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Decision Making Model Analysis

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Decision Making Model Analysis

"Decision-Making Model Analysis"

By Richard Kohout

MGT/350

Professor: Scott Smith

"Decision-Making Model Analysis"

"A pint of sweat saves a gallon of blood". (General George S. Patton) Whether in war or business the outcome of a situation is based on the pre-planning and execution of a problem. Whether it is in the battlefield or the boardroom the lack of critical thinking can be very costly. Generals, much like Managers, in fact have to exercise good judgment and critical thinking to make the outcome a success. I will explain the fundamental steps necessary to utilize critical thinking in everyday situations. I will apply it to a recent occurrence in my job field and guide the reader through the process my group used to both logically and critically think out their decisions.

Although I looked at many different sources to apply to my situation, I narrowed it down to two and combined their content to show the steps required to make a decision. The steps are as follows:

1) Determine if matter is an ethical one or focus the process- agree on a strategic plan. (Koocher,Keith Spiegel)

The matter as is required was the opportunity to unify the Engineering Change (EN) process within my department. We wanted to better centralize the handling and execution of changes among the department.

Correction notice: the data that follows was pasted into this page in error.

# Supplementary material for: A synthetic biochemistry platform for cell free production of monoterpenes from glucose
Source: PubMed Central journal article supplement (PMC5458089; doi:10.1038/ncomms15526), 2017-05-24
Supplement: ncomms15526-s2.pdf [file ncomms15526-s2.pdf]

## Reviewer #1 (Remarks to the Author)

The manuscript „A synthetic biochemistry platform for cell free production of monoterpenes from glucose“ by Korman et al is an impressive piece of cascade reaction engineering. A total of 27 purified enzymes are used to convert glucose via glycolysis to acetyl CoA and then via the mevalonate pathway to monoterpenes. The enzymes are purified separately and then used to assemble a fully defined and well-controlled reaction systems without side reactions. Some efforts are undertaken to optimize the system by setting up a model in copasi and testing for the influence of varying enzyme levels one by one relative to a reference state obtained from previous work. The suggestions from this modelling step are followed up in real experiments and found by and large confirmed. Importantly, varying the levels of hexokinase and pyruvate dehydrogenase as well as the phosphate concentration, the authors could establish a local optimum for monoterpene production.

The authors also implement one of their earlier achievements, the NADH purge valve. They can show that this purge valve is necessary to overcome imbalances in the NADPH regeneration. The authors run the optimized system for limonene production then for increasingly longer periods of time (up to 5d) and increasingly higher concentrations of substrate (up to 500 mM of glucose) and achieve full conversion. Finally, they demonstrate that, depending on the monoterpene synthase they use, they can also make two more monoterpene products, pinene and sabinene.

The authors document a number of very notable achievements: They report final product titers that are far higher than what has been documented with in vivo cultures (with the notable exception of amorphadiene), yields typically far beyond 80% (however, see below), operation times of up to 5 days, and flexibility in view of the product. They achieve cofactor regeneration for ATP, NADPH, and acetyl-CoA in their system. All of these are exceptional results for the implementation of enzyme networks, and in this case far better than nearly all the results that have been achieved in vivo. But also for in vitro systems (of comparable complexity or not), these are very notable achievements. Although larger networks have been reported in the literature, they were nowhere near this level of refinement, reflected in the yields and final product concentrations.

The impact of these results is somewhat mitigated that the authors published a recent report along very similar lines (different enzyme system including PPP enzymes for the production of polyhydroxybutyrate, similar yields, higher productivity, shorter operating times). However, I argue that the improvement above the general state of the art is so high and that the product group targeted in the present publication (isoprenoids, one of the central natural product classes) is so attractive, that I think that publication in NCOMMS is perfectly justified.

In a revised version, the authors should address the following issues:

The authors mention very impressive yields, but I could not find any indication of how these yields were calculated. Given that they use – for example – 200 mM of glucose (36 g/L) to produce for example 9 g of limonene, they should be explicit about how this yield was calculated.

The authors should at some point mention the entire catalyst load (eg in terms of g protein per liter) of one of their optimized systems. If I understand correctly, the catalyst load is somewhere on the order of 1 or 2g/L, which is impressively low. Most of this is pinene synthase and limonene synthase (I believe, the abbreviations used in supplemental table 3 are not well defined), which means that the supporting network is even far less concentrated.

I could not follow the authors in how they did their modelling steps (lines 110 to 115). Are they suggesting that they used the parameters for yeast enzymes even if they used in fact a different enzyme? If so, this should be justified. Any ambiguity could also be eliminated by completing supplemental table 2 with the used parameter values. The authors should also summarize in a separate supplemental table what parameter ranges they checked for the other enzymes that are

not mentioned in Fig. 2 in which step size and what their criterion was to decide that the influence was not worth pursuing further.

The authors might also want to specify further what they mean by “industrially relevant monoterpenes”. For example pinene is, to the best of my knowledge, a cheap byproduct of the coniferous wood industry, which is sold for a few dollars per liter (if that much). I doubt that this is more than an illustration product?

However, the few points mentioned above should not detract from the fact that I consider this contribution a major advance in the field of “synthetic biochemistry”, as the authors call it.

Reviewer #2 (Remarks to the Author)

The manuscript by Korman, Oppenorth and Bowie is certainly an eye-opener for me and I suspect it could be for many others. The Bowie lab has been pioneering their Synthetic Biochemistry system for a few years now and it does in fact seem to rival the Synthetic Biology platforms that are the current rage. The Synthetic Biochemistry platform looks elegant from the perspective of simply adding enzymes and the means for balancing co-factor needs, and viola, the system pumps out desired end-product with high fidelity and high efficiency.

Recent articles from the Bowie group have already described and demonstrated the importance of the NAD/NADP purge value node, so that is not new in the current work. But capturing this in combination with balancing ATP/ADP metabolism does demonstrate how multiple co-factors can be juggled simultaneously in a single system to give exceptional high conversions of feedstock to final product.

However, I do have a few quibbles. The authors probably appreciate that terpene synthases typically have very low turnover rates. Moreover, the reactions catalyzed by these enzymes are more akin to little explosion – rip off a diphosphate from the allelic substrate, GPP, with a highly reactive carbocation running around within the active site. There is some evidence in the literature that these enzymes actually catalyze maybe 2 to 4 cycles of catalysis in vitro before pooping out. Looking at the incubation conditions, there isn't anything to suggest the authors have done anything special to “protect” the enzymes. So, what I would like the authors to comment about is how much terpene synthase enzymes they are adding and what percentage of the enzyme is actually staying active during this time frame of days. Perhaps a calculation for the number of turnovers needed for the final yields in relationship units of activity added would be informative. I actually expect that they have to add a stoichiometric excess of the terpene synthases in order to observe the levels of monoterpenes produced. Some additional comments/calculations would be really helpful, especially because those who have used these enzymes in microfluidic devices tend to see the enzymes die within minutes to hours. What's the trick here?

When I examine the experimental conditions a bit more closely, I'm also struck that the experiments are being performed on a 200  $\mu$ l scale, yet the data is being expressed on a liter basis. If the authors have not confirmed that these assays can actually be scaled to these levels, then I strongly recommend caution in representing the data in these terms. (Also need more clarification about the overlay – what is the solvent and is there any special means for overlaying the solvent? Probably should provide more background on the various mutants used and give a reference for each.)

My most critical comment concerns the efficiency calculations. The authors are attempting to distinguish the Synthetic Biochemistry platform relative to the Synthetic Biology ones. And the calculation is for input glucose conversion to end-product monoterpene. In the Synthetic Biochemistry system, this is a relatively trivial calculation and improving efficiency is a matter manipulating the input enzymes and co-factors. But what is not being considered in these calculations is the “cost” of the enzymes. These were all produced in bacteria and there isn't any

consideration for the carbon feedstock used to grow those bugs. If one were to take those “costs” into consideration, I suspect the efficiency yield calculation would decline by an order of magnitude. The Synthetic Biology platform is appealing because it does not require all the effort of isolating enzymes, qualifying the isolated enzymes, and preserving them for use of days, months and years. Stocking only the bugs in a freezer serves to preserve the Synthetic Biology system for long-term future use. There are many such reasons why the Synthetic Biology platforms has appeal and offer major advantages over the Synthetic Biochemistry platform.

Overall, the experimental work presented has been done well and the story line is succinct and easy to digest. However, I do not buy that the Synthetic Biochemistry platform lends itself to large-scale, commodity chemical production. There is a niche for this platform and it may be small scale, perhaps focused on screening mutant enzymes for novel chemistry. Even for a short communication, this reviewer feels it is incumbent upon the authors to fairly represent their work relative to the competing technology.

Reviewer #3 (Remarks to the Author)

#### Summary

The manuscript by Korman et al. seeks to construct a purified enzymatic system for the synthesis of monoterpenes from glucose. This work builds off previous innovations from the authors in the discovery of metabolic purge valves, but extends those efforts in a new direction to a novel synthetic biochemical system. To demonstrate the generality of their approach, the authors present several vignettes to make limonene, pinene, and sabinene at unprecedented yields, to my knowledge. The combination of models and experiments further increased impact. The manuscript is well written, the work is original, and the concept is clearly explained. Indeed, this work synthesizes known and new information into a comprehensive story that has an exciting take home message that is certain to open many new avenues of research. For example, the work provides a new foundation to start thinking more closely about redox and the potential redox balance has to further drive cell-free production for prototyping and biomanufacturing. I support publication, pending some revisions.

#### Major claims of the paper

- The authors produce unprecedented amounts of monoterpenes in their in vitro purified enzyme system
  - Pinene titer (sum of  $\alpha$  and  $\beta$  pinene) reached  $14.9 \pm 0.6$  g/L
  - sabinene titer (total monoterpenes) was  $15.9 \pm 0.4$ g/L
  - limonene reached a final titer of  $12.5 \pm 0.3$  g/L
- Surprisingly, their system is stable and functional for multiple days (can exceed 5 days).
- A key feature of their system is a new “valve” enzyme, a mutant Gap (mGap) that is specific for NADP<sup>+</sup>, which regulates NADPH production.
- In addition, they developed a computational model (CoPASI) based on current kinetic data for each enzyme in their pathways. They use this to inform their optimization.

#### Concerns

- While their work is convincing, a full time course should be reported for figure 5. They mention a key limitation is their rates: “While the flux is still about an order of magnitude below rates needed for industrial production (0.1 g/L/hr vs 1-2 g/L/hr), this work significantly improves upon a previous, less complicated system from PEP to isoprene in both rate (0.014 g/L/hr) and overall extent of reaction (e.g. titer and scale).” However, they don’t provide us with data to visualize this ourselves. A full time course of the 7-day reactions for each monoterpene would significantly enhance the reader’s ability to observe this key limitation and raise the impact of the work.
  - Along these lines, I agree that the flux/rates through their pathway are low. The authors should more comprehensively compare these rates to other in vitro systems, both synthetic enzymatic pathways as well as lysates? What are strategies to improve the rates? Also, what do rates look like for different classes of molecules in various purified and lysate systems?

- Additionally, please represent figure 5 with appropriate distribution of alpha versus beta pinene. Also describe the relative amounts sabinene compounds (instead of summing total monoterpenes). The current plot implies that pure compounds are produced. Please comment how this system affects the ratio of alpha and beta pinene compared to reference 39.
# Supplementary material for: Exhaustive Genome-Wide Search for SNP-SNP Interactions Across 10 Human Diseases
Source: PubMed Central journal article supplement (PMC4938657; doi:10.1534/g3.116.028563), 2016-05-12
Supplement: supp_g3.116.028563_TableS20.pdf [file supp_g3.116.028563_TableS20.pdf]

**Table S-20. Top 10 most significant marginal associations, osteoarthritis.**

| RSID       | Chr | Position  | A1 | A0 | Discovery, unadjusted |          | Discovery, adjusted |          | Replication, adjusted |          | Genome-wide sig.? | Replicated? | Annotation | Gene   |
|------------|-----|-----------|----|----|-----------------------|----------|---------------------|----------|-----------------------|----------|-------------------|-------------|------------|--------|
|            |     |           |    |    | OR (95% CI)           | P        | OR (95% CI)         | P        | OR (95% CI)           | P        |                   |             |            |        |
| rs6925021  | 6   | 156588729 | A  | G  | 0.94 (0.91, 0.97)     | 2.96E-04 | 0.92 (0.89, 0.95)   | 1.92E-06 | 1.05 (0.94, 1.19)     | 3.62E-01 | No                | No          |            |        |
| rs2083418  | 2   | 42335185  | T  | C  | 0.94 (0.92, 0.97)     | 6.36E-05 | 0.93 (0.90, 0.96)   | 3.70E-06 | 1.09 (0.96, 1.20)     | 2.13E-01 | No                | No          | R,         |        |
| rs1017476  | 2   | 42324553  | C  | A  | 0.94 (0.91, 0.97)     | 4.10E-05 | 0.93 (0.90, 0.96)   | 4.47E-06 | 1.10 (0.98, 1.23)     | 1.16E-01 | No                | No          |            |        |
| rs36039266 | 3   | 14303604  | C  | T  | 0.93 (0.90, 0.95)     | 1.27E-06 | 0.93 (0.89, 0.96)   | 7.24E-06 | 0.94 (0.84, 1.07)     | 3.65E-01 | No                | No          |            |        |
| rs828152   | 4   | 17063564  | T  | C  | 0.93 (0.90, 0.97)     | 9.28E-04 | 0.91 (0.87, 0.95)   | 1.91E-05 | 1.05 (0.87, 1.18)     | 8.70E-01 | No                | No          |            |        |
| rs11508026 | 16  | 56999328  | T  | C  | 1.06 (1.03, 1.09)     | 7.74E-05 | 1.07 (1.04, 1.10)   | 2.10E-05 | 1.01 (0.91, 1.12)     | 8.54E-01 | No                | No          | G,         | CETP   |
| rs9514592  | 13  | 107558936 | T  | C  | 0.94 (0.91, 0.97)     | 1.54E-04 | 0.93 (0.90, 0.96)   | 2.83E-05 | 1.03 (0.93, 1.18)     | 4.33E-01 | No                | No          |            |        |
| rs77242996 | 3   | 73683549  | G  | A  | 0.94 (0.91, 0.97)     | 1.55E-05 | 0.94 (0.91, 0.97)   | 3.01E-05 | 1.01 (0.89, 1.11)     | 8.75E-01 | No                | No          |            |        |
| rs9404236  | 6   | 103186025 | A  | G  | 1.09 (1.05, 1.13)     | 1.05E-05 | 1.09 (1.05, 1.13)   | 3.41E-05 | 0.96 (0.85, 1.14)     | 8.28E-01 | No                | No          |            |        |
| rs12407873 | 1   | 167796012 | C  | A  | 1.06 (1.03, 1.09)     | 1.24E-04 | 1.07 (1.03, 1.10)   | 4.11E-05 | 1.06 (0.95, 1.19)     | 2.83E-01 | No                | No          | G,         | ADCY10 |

2) Consult guidelines already available that may apply. (Koocher,Keith Spiegel)

EN procedures dictated that the person to whom the part number in question belonged to is the one who should handle the EN work and upgrades. Problem was various part numbers appeared on any given change and this caused multiple people to handle a change and no one set person to orchestrate the completion of the EN.

3) Consider as best as possible, all of the sources that might influence the decision. (Koocher,Keith Spiegel)

To accomplish this we invited all parties involved and included all resources such as; EN work sheets, copies of change procedures, and the EN themselves. We explained to management, showing examples of ENs that were causing the problems and set about to find resolutions that could fix the situation.

4) Evaluate consultants for abilities and expertise. Assess the external environment. (Bryson)

To help us better understand the situation, we consulted past members of an EN department. We asked them how we could improve the process and if attempts had been made in the past to try and centralize EN activity. We also wanted to know if the processes they had implemented and tried were successful.

5) Assess the internal environment. (Bryson)

To illustrate how we used this step, we showed in detail how the confusion generated from multiple users was affecting the process. We also started to explain how we planned to resolve the problem.

6) Generate alternative decisions- BRAINSTORM (Koocher,Keith Spiegel)

At this point we went around the table asking all present to suggest a viable solution or possible resolution. We came up with the following (these are the suggestions that we kept and actually incorporated.) 1) Centralize to one person to coordinate the change. 2) One person to open and close EN activity. 3) This one person too send out emails to affected persons and do follow-up until resolved. 4) Reduce

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